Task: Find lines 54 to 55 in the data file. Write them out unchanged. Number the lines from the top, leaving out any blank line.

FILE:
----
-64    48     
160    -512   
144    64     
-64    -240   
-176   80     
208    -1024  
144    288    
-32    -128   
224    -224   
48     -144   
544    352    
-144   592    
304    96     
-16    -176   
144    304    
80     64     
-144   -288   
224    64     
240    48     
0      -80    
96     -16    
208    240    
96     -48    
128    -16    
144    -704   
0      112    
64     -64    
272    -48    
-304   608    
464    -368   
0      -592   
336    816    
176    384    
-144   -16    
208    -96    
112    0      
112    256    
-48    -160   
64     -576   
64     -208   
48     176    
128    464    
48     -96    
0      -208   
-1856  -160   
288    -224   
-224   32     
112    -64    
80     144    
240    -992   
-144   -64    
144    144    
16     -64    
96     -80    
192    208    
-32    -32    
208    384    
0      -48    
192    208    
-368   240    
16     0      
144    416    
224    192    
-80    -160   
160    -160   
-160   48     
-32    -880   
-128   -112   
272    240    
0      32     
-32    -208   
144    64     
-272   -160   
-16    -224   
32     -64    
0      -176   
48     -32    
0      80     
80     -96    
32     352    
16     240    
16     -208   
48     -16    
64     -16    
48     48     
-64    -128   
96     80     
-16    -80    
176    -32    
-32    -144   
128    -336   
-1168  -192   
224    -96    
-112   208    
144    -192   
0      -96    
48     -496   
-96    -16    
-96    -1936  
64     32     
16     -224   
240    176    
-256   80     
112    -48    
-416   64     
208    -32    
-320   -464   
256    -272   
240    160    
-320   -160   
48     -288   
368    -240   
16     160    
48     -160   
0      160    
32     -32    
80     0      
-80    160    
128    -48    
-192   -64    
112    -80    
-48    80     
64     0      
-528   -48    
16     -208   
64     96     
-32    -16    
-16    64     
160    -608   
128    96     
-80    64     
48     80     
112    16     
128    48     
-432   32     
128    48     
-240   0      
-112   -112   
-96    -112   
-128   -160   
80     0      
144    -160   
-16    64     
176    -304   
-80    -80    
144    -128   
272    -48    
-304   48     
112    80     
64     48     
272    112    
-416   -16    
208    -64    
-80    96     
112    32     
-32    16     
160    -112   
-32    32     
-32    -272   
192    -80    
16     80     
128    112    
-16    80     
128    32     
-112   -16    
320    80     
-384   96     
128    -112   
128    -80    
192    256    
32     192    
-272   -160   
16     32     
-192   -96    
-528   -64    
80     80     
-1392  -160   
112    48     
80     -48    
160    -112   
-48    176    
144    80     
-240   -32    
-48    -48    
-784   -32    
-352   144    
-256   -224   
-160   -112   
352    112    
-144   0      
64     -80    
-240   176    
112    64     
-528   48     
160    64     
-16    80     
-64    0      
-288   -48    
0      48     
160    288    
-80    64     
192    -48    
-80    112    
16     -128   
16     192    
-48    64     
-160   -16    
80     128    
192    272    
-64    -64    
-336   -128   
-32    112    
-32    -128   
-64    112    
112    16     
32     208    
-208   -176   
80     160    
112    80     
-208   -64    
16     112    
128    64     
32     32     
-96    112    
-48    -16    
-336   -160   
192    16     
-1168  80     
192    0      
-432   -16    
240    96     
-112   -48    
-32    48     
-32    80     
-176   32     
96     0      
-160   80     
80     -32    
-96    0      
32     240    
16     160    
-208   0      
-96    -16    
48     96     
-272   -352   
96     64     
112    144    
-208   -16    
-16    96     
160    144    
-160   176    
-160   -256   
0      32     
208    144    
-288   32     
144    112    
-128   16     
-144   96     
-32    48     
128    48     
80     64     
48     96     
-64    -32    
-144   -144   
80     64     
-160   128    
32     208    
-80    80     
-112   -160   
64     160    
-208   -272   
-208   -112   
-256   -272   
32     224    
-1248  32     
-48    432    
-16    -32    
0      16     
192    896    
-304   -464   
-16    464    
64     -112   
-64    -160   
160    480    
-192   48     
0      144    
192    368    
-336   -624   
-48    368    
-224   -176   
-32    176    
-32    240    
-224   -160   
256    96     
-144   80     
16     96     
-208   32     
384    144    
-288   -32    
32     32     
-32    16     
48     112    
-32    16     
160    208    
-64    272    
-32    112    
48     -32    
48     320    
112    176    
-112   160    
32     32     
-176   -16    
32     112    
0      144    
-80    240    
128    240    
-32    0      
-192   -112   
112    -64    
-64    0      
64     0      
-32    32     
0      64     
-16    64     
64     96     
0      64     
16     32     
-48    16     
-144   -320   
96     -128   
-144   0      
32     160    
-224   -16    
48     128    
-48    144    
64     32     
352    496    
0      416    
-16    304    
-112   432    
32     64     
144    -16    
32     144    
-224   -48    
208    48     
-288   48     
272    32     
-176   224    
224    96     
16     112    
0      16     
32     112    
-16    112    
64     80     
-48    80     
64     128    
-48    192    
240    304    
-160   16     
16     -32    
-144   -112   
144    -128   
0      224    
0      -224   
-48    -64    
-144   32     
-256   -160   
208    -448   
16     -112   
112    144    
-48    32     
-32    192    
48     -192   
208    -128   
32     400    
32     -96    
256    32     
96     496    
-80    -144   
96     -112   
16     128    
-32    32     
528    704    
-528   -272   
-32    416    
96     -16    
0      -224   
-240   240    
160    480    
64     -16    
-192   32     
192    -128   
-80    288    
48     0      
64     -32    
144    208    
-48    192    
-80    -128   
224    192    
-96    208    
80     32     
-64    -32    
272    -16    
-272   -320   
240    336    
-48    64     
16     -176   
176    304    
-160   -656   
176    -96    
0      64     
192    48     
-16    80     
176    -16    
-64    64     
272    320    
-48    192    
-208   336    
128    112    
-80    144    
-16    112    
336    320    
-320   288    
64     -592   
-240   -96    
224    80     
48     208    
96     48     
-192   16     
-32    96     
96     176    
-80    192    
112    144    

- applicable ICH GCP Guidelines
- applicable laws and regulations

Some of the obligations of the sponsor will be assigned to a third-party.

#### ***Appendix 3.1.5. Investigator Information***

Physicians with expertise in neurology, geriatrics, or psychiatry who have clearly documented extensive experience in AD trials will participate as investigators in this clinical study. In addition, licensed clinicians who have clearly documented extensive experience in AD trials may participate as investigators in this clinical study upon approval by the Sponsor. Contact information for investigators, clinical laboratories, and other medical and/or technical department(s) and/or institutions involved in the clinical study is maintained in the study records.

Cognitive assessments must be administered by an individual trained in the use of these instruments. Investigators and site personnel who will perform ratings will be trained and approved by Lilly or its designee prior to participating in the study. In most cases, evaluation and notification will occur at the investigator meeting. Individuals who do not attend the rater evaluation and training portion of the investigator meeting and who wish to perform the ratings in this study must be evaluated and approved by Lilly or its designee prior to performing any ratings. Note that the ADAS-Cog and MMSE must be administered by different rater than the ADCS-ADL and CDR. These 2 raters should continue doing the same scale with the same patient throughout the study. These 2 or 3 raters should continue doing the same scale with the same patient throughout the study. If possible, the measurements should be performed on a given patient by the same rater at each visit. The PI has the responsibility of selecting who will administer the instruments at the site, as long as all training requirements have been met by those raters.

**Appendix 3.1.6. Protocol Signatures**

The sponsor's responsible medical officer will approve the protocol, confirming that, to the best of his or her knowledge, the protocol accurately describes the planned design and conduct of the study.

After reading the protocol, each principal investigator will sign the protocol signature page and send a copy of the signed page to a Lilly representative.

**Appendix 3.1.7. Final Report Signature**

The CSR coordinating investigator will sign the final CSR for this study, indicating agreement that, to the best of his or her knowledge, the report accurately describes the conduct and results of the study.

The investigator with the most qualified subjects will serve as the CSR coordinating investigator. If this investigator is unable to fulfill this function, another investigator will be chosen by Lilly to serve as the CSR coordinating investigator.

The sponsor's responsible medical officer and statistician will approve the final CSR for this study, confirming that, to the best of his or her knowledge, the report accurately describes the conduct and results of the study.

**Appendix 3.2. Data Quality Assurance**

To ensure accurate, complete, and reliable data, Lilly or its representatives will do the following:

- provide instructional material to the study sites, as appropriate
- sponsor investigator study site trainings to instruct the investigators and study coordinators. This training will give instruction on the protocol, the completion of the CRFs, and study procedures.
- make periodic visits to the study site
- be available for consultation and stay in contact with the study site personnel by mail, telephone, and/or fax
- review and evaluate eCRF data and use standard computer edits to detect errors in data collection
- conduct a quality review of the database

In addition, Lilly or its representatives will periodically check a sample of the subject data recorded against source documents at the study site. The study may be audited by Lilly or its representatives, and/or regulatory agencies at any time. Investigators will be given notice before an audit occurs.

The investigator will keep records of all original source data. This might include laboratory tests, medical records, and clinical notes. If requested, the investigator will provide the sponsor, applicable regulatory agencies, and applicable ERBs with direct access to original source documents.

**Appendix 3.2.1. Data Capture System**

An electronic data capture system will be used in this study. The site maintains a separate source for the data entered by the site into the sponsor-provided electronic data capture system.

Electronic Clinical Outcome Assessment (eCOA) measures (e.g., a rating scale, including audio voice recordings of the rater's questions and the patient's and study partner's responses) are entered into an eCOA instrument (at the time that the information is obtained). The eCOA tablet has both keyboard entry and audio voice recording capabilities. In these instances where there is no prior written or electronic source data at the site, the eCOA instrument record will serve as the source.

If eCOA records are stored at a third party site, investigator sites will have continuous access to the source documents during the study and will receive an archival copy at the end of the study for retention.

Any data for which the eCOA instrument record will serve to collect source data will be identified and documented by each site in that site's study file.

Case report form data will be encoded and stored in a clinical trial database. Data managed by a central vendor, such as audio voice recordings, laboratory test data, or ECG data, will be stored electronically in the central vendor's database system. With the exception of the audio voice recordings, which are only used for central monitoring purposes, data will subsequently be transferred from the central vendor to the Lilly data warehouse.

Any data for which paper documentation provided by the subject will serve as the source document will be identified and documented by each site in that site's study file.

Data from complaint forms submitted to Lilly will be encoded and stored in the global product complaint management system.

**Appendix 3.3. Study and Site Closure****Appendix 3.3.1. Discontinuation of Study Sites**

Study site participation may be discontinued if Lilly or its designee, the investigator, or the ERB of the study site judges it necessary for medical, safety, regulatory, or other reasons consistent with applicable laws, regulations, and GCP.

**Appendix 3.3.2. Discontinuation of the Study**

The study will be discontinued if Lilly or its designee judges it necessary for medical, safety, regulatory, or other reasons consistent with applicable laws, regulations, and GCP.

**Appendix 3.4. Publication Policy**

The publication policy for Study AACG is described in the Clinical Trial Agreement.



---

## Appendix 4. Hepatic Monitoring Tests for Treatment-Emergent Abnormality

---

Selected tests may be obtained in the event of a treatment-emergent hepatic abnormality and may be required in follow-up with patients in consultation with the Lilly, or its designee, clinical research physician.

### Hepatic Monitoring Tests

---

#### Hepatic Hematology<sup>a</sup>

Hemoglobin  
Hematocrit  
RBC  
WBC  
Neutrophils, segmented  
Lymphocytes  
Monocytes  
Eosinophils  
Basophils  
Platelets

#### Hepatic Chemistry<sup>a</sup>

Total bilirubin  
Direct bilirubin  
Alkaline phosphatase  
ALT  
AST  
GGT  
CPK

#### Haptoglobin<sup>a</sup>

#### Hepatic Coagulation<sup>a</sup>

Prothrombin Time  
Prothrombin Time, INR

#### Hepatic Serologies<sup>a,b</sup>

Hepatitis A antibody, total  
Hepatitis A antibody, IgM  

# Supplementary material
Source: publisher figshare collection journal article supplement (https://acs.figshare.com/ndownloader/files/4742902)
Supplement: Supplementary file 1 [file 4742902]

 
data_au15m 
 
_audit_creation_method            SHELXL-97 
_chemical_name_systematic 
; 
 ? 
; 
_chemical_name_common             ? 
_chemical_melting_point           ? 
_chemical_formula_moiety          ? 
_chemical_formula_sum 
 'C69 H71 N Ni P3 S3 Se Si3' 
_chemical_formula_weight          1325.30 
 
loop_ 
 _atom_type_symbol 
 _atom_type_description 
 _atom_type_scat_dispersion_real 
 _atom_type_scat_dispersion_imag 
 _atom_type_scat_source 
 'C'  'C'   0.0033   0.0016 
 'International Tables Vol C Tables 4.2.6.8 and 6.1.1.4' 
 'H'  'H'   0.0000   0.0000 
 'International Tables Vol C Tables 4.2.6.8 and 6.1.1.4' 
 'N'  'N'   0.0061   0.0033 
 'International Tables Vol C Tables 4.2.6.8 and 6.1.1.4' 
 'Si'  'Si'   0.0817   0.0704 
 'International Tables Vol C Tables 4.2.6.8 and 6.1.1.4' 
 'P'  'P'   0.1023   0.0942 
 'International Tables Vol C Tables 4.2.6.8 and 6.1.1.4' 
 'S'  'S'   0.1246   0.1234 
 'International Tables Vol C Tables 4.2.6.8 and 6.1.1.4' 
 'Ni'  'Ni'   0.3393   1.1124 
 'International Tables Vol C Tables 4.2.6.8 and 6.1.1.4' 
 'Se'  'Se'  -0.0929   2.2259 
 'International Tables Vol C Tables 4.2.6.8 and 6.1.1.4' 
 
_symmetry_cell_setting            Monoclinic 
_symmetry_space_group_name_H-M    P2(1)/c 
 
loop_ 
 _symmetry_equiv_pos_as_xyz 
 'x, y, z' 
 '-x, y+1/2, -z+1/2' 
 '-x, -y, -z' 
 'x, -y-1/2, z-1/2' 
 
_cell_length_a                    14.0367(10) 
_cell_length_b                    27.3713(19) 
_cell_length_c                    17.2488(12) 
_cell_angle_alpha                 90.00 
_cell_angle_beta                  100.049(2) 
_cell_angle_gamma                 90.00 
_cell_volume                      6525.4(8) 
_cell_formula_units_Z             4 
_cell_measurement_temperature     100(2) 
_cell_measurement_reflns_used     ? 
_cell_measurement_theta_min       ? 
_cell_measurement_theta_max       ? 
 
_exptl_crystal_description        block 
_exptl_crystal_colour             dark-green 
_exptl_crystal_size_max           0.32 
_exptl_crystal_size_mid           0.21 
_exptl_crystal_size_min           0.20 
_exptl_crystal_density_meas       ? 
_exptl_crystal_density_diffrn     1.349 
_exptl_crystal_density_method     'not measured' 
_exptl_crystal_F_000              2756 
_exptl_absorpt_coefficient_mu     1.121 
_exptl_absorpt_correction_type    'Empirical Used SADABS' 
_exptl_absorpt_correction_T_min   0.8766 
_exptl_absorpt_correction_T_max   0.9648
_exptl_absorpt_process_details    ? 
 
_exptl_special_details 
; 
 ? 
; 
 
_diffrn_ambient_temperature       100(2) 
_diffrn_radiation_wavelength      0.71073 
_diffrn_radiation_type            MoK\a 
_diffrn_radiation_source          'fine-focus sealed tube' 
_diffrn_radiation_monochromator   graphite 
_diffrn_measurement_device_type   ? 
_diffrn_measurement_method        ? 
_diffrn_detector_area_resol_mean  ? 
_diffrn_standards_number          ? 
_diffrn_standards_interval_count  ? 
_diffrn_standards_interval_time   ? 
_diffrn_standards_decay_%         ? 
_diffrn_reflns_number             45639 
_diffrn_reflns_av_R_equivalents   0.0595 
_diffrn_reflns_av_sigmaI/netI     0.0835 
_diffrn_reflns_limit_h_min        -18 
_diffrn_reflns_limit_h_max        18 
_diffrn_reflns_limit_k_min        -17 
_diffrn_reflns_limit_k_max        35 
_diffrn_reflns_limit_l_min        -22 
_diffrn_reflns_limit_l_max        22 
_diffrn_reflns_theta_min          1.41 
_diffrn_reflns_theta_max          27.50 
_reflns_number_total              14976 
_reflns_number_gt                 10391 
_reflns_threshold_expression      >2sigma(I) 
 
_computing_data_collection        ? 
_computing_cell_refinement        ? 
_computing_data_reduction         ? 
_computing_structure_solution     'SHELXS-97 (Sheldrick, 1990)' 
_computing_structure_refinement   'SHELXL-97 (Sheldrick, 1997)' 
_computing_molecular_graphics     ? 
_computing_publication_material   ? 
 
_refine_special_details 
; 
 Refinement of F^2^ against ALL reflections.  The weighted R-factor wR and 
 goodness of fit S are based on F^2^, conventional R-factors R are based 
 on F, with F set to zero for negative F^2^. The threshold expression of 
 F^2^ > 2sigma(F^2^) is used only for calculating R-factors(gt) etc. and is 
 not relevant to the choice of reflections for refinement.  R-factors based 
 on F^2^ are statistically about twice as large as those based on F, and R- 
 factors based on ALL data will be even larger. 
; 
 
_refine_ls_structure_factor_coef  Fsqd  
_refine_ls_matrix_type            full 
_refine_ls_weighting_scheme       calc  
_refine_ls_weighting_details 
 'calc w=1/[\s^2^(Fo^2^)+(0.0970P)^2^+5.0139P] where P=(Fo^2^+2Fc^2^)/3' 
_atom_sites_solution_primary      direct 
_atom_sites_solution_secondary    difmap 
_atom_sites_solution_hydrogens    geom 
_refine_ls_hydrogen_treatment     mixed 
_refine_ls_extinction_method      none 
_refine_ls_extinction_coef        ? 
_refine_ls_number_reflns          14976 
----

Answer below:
96     -80    
192    208    